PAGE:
Keller and Kathy were bookish middle-class kids from Pennsylvania, he from Allentown, she from suburban Pittsburgh. It was at Bucknell University in the early seventies that Keller effected a self-transformation from “garden-variety nerd, filled with self-doubt and angst” to born-again Christian. (He’s still unashamedly nerdy. On discovering we both have late-September birthdays, he says, “You know, Frodo and Bilbo are the 22nd of September … very illustrious.”) Keller says he fell under the spell of religious writers, C. S. Lewis being the best known, whose faith in Jesus and the Bible was untainted by the anti-intellectualism of American fundamentalism. Tim and Kathy both attended the Gordon-Conwell Theological Seminary in Massachusetts and were married just before graduation. The couple spent nine years in the small town of Hopewell, Virginia, before moving back to suburban Philadelphia in 1984, where Tim took a teaching post at Westminster Theological Seminary and expanded his pastoral range to include urban ministries downtown.
In the late eighties, Keller’s denomination, the conservative Presbyterian Church in America, asked him to oversee the building—or “planting,” in the Evangelical argot—of a church in Manhattan. The idea was that winning believers in New York would have an influence out of proportion to the group’s numbers. When Keller’s first two picks for the pastor’s job declined the offer, Keller, despite misgivings of his own, decided to move Kathy and their three young sons and take the position himself. “I just felt it would be cowardly of me not to,” he says. “But we had a kind of ‘sick in the pit of our stomach’ feeling every day.” I later asked Kathy, Tim’s soul mate and more blunt-spoken alter ego, whether the church ladies of the Atlanta-based PCA worried about the couple, as if they and their three young sons were being sent on a mission to a remote African village. “Oh, that would have been easier,” she said. “Big bad Whore of Babylon is where we were going.”
The church’s first New York service, in April 1989, drew 75 people to a rented Seventh-day Adventist facility on the Upper East Side. By that fall, Keller was leading two weekly Sunday services for up to 250 people. Redeemer had the luxury of a starter group of parishioners brought to the church by an offshoot of the Evangelical missionary organization Campus Crusade for Christ, mostly young professionals hungry for what Keller calls a “crunchy, believe-in-miracles” kind of Christianity. With its message that you can be a thinking person and a believer simultaneously, Redeemer became, in a phrase one hears with almost eerie frequency from parishioners, the ideal place for a believer to bring a nonbelieving friend. At the time, with Evangelical Christianity mired in the sex and money scandals of the Jimmy Swaggart–Jim Bakker era, “no one had ever met someone who had more than a third-grade education that believed the things that were being preached at Redeemer,” Kathy says. It didn’t hurt that Redeemer came to town just as the early-nineties recession began, when Keller’s blind-ambition-is-the-root-of-all-evil message was especially resonant.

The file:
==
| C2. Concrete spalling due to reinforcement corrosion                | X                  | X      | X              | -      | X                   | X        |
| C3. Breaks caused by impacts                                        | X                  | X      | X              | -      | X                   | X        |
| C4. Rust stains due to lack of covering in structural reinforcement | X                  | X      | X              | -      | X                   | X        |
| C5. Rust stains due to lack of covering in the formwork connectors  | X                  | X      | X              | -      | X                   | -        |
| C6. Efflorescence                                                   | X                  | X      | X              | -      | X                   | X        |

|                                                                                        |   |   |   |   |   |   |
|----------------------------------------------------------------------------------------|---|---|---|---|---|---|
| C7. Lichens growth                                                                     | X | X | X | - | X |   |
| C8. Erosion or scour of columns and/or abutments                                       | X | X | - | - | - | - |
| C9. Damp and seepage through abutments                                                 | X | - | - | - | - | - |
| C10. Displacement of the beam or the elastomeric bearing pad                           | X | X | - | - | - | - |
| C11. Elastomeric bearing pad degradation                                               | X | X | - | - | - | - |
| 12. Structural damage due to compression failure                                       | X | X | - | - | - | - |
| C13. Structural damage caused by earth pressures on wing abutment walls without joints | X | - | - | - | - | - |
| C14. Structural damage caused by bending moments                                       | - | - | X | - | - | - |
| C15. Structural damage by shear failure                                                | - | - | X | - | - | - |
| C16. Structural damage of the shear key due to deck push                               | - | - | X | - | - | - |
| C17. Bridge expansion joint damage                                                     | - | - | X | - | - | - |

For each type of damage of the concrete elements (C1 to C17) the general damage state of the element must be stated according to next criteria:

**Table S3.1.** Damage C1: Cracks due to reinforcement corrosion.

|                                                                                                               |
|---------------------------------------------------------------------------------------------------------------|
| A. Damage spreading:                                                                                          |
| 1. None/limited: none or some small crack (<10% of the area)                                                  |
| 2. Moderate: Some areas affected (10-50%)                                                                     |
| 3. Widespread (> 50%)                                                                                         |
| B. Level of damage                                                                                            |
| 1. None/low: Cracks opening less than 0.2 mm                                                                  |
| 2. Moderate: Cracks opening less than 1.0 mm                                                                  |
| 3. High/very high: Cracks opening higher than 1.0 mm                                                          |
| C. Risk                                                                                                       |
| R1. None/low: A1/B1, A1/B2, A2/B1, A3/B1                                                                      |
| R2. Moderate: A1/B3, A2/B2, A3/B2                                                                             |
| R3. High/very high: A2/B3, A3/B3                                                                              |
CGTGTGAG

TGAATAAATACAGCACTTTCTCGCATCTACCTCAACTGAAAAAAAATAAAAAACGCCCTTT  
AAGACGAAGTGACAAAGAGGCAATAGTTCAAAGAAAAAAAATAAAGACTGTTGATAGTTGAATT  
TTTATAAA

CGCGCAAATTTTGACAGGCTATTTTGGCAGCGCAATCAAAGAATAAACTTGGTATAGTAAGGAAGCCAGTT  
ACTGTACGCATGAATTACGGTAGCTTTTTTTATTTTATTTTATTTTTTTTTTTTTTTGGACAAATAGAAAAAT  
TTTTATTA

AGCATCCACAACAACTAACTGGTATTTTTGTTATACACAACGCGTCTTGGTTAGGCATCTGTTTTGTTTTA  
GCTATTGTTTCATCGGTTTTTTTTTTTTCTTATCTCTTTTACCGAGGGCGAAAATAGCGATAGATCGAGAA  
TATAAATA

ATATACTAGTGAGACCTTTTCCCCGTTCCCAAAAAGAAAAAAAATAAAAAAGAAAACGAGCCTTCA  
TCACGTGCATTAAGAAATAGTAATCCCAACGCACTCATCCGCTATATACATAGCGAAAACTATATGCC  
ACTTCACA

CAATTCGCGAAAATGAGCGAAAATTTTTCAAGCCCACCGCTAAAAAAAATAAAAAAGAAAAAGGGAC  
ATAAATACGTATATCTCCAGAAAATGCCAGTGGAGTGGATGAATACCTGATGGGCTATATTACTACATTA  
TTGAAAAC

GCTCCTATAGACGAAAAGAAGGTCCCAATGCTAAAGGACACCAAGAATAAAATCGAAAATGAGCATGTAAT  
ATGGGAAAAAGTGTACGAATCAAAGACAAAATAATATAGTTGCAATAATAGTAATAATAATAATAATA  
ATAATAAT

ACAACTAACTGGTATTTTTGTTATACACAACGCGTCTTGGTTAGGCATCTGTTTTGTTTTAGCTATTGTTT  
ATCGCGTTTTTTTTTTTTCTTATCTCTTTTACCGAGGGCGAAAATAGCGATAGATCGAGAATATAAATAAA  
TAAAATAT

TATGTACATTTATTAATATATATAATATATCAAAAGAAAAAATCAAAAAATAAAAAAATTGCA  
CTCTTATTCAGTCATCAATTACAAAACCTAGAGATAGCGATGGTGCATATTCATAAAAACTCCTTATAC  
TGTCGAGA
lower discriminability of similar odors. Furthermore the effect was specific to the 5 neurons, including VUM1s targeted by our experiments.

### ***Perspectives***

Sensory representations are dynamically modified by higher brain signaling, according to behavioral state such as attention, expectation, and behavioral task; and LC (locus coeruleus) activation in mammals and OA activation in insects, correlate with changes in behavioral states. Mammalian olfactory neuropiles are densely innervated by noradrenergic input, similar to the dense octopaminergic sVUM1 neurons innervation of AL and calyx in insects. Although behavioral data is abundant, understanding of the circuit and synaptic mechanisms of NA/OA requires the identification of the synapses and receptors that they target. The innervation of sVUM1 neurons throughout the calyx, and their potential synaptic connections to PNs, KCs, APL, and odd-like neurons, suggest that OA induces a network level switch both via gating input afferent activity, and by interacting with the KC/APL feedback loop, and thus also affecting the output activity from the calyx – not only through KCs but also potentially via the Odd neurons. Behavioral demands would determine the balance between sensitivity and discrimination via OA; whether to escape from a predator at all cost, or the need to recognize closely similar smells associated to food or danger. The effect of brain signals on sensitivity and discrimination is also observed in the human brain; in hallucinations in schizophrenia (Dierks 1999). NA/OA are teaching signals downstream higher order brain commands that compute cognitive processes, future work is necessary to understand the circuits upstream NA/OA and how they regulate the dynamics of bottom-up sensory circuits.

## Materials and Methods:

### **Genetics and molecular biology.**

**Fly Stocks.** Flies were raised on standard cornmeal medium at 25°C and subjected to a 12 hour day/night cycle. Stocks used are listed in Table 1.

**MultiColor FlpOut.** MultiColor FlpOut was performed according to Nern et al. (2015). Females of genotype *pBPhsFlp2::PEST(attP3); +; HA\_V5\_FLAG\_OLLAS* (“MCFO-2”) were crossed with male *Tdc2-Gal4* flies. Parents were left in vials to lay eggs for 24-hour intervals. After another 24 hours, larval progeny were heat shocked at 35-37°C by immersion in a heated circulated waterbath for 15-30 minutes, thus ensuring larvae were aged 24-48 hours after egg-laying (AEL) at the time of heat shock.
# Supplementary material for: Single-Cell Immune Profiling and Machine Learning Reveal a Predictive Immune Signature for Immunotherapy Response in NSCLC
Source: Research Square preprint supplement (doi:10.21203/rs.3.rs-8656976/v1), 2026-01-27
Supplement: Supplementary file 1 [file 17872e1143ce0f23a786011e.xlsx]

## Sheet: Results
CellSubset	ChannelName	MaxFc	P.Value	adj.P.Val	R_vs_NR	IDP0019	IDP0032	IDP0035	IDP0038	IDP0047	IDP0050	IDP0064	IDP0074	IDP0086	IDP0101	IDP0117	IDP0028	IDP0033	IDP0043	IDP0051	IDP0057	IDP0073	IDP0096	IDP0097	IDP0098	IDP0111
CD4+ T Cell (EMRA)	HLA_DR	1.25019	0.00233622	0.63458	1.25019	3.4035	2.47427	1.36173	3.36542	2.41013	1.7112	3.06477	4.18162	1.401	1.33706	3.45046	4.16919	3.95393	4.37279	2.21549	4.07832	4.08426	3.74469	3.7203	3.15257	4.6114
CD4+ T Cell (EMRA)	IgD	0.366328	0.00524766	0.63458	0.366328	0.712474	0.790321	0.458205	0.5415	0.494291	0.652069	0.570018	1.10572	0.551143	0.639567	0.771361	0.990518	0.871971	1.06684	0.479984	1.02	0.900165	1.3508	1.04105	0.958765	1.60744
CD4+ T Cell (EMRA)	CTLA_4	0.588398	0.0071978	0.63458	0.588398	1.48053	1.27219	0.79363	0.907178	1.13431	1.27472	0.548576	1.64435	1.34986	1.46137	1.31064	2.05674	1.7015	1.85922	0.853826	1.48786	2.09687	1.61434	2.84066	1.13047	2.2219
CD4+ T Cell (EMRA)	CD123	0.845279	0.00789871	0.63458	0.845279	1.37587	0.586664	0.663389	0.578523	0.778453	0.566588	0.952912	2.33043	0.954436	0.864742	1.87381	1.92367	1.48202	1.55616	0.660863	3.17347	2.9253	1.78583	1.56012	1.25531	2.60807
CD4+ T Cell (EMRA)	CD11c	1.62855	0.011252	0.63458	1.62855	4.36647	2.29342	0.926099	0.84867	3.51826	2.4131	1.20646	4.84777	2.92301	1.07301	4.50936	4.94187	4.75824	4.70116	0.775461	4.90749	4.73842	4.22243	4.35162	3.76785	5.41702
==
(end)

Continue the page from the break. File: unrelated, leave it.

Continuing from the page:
“Why are you in New York? Deep down, you think something is wrong with you.”
Throughout the nineties, the church grew mostly by word-of-mouth. That was by design. The Kellers can be suspicious of the media, especially Kathy, who still hasn’t gotten over a 1998 Times article that emphasized Redeemer’s conservative take on homosexuality and premarital sex (more on those issues below). The story, Kathy says, “could have been entitled ‘Manhattanites More Stupid Than We Thought—Attend Christian Church.’ ”
September 11, 2001, brought a significant jump in Redeemer’s attendance. “We didn’t have two morning services then,” Keller recalls. “You could see the people couldn’t get in, and it was just jammed, so I went back to the organist and came back and said, ‘Everybody who can’t get in the doors right now, if you come back in two hours, I’ll do another service.’ And six or seven hundred people came back.” And last year’s historic economic collapse gave parishioners another reason to seek solace in the church. One congregant testified earlier this year that God “finally saw fit to relieve me from my job in banking” and how “in this season of drought … God will provide.”
Keller is on a promotional tour for Counterfeit Gods. Over the phone, in a car on the way to the St. Louis airport, he’s unpacking the Redeemer theology for me. His belief system is not the fundamentalist strain running through many of the Bible Belt megachurches—the “saved” us versus the “heathen” them. Nor is it the new-school “be a winner, praise the Lord,” Christian self-esteem-building ideology of Joel Osteen. Keller advocates something of a third option. He wants to call people’s attention to the emptiness of a way of living that overvalues worldly achievement and to help them see the spiritual benefits of accepting Jesus Christ, and all he stands for, as their savior. But Keller wants to do that in a way that’s not intellectually insulting or morally hectoring. What he refers to as “idols,” he says, are the things we’re so wrapped up in, it’s as if we worship them as gods, in place of the one true God. Traditional vices like sex and drink can be idols, he says, but more insidious can be traditional virtues like hard work and family—“good” things that we can mistake for “ultimate” ones. “The way you can tell your love for something has turned idolatrous is that you basically destroy the thing you love,” he says. “Overwork often leads to destruction—people who overreach and cheat or have health breakdowns. If you put too much on your children, your kids can be crushed by your expectations for their happiness and success.”